All boards have a responsibility to articulate prerequisites for candidates, orient new members, and periodically and comprehensively evaluate their own performance.

Ensure legal and ethical integrity.

The board is ultimately responsible for adherence to legal standards and ethical norms.

Enhance the organization’s public standing.

The board should clearly articulate the organization’s mission, accomplishments, and goals to the public and garner support from the community through advocacy.

What are the responsibilities of individual board members?
  • Attend all board and committee meetings and functions, such as special events.
  • Be informed about the organization’s mission, services, policies, and programs.
  • Review agenda and supporting materials prior to board and committee meetings.
  • Serve on committees or task forces and offer to take on special assignments.
  • Make a personal financial contribution to the organization.
  • Inform others about the organization. Advocate for the organization.
  • Suggest possible nominees to the board who can make significant contributions to the work of the board and the organization.
  • Keep up-to-date on developments in the organization’s field.
  • Follow conflict-of-interest and confidentiality policies.
  • Refrain from making special requests of the staff.
  • Assist the board in carrying out its fiduciary responsibilities, such as reviewing the organization’s financial statements.
What are the board chair’s responsibilities?
What are the board secretary’s responsibilities?
  • Attend all board meetings.
  • Serve on the executive committee if one exists.
  • Ensure the safety and accuracy of all board records.
  • Take board meeting minutes or review minutes if that task is assigned to a staff member.
  • Assume responsibilities of the chair in the absence of the board chair, chair-elect, and vice chair.
  • Provide notice of meetings of the board and/or of a committee when such notice is required.
What are the board treasurer’s responsibilities?
  • Attend all board meetings.
  • Understand financial accounting for nonprofit organizations.
  • Serve as the chair of the finance committee.
  • Manage, with the finance committee, the board’s review of and action related to the board’s financial responsibilities.
  • Work with the chief executive and the chief financial officer to ensure that appropriate financial reports are made available to the board on a timely basis.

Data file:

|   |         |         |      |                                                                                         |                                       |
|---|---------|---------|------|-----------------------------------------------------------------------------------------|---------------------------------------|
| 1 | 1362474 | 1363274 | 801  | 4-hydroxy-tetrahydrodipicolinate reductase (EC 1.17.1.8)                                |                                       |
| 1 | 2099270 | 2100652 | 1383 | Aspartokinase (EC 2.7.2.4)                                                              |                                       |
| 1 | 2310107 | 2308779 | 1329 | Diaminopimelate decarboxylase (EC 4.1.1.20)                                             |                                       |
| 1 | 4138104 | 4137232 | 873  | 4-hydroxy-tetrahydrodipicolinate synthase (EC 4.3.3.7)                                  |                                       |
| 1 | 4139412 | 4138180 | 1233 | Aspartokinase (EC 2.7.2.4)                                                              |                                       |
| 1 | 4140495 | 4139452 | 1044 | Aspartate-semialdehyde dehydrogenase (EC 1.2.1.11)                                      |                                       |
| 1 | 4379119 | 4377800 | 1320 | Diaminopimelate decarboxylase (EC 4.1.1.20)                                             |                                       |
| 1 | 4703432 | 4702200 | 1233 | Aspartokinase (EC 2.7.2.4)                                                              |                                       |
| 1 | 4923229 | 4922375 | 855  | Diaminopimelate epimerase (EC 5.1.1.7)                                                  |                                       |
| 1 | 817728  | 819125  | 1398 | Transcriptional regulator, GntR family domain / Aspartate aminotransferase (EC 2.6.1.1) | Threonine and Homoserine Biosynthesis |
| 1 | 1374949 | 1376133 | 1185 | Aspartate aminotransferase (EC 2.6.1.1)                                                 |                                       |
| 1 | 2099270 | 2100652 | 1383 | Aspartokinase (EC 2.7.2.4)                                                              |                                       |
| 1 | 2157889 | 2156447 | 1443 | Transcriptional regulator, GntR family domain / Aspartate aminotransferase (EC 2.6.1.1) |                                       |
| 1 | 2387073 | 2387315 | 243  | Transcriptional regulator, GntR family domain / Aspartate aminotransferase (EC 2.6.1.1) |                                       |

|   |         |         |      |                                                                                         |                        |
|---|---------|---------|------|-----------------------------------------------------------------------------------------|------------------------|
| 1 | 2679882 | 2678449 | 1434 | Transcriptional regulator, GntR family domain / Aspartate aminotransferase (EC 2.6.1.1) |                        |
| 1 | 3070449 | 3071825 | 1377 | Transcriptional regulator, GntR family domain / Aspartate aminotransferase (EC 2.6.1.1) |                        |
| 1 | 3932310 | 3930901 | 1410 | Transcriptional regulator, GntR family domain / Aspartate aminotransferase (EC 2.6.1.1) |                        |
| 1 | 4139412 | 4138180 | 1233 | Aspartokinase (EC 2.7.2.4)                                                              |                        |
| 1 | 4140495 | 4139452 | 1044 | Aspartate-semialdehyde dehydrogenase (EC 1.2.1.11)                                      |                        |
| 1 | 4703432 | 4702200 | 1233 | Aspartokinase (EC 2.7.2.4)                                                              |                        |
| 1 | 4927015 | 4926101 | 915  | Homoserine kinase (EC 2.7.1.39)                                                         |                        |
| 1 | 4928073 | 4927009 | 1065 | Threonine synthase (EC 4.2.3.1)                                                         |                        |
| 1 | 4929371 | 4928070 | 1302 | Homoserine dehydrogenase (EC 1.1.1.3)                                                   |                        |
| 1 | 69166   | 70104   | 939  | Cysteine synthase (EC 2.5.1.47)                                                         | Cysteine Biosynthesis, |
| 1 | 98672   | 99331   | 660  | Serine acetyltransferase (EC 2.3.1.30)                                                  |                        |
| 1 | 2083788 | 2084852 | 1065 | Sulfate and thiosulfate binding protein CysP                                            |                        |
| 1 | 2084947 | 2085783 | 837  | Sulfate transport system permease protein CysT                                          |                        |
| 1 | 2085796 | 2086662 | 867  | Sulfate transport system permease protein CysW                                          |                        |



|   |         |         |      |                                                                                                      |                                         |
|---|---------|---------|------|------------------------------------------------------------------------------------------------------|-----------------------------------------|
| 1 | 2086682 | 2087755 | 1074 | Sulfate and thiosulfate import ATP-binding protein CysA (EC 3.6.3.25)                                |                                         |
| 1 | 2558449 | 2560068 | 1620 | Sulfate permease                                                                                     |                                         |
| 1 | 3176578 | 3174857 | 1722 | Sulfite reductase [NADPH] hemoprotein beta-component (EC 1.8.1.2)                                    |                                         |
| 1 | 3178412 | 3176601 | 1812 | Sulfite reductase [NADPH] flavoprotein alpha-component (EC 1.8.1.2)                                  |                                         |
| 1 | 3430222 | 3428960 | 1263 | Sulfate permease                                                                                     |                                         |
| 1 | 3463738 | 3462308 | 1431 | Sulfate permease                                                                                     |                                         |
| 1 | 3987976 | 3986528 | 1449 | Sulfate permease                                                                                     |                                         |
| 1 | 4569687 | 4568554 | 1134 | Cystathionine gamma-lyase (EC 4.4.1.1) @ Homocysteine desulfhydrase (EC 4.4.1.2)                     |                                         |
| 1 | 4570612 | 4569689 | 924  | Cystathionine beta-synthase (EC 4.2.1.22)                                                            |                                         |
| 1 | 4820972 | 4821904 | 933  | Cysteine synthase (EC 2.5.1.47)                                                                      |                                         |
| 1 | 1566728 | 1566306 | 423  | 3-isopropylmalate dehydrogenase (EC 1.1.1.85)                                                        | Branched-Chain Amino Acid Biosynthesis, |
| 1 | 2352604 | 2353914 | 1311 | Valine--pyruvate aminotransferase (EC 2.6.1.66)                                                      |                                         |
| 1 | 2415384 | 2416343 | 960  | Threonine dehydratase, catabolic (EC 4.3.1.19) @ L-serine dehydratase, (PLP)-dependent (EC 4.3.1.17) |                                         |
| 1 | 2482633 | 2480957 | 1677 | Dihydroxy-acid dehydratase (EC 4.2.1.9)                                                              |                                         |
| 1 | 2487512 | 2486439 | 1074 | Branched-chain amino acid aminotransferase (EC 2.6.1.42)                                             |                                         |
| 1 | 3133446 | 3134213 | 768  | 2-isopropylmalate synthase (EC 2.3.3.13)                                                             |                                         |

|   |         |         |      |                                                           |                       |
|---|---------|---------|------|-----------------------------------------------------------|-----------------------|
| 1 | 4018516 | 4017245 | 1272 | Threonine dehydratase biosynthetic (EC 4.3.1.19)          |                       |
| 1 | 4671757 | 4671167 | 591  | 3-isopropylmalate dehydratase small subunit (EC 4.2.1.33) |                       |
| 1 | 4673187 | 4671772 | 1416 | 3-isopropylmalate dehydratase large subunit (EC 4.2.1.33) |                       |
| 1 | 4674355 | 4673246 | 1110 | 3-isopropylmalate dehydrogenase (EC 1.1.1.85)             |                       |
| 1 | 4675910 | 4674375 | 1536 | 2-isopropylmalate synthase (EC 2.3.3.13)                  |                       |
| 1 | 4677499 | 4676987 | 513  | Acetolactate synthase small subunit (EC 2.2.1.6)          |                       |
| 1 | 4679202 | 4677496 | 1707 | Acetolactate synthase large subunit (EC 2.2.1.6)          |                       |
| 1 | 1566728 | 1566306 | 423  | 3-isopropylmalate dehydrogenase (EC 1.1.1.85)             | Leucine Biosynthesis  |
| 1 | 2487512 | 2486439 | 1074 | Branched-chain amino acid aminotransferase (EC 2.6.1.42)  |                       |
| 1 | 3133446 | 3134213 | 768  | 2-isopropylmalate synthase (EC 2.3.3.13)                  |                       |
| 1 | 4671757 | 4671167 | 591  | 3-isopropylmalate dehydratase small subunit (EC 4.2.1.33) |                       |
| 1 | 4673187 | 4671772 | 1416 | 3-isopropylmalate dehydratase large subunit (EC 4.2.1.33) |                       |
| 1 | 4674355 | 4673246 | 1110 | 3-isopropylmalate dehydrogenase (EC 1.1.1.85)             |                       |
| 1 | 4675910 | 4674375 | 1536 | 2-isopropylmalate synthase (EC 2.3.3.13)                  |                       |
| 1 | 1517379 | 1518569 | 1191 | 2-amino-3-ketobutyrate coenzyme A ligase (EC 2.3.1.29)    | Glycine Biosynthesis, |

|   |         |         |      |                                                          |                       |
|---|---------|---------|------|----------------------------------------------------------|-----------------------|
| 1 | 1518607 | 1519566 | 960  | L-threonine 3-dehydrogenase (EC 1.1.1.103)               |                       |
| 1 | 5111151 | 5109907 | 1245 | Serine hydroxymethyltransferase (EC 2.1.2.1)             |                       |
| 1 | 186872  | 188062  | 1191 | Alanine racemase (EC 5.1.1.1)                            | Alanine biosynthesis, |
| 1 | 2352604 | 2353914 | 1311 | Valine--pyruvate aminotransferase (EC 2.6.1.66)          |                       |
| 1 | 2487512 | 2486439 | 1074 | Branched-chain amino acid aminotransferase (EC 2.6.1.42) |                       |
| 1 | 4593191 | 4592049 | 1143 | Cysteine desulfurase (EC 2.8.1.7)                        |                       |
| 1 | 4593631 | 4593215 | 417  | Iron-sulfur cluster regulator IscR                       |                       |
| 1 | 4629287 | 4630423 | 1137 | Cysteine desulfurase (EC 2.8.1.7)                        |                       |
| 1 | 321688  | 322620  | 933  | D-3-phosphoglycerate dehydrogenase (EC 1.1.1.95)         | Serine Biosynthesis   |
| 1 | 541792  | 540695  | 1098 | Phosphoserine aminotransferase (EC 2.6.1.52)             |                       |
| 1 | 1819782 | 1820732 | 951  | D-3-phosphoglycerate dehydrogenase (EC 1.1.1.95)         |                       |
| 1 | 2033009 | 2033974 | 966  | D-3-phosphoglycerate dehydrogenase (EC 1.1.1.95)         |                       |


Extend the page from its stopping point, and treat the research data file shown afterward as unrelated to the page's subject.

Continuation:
• Present the annual budget to the board for approval.
  • Review the annual audit and answer board members’ questions about the audit (if there is no audit committee)
What are the board vice chair’s responsibilities?
  • Attend all board meetings.
  • Serve on the executive committee if one exists.
  • Carry out special assignments as requested by the board chair.
  • Understand the responsibilities of the board chair and be able to perform these duties in the chair’s absence.
  • Participate as a vital part of the board leadership.
Is there a difference between a board of governors, a board of directors, and a board of trustees?

Legally and in practice, all of these definitions describe the same governing body of a nonprofit. The term “trustee” originally referred to the person who has the fiduciary duty for a charitable trust or a foundation. By tradition, higher education institutions also tend to refer to their board members as trustees.

How are board members elected?

New board members can be selected by current board members; by members, chapters, or affiliates; or by other related groups such as religious bodies or government agencies. By far, the most common method among public charities is election by peers. Board members can re-elect their colleagues and/or others to the board position. This type of a board is called self-perpetuating. A board that elects its own members has the advantage of determining its needs based on the profile of the present board. It can focus on group dynamics, missing skills, or the need for diversity when searching for new board members. This process clearly is labor-intensive for the current board, but it provides an opportunity to bring together a group of committed people who have had a chance to define their mutual goals.

What is a board recruitment matrix?

Effective board recruitment follows the principles of matching available resources with existing needs. How does a board know what it needs? It must first clarify what it already has. It relies on a strategic board composition matrix — a recruitment tool that allows it to map out the composition of the present board. This map reveals the missing ingredients and allows the board to focus its search in the right direction.

A board composition matrix forces the board to articulate the kinds of qualities, characteristics, skills, expertise, backgrounds, and various perspectives that make a good board. After becoming sensitive to these attributes and verifying which of them are already there, the board’s governance committee is one step closer to meeting the needs of the board.

Should we send out board member applications to recruit new board members?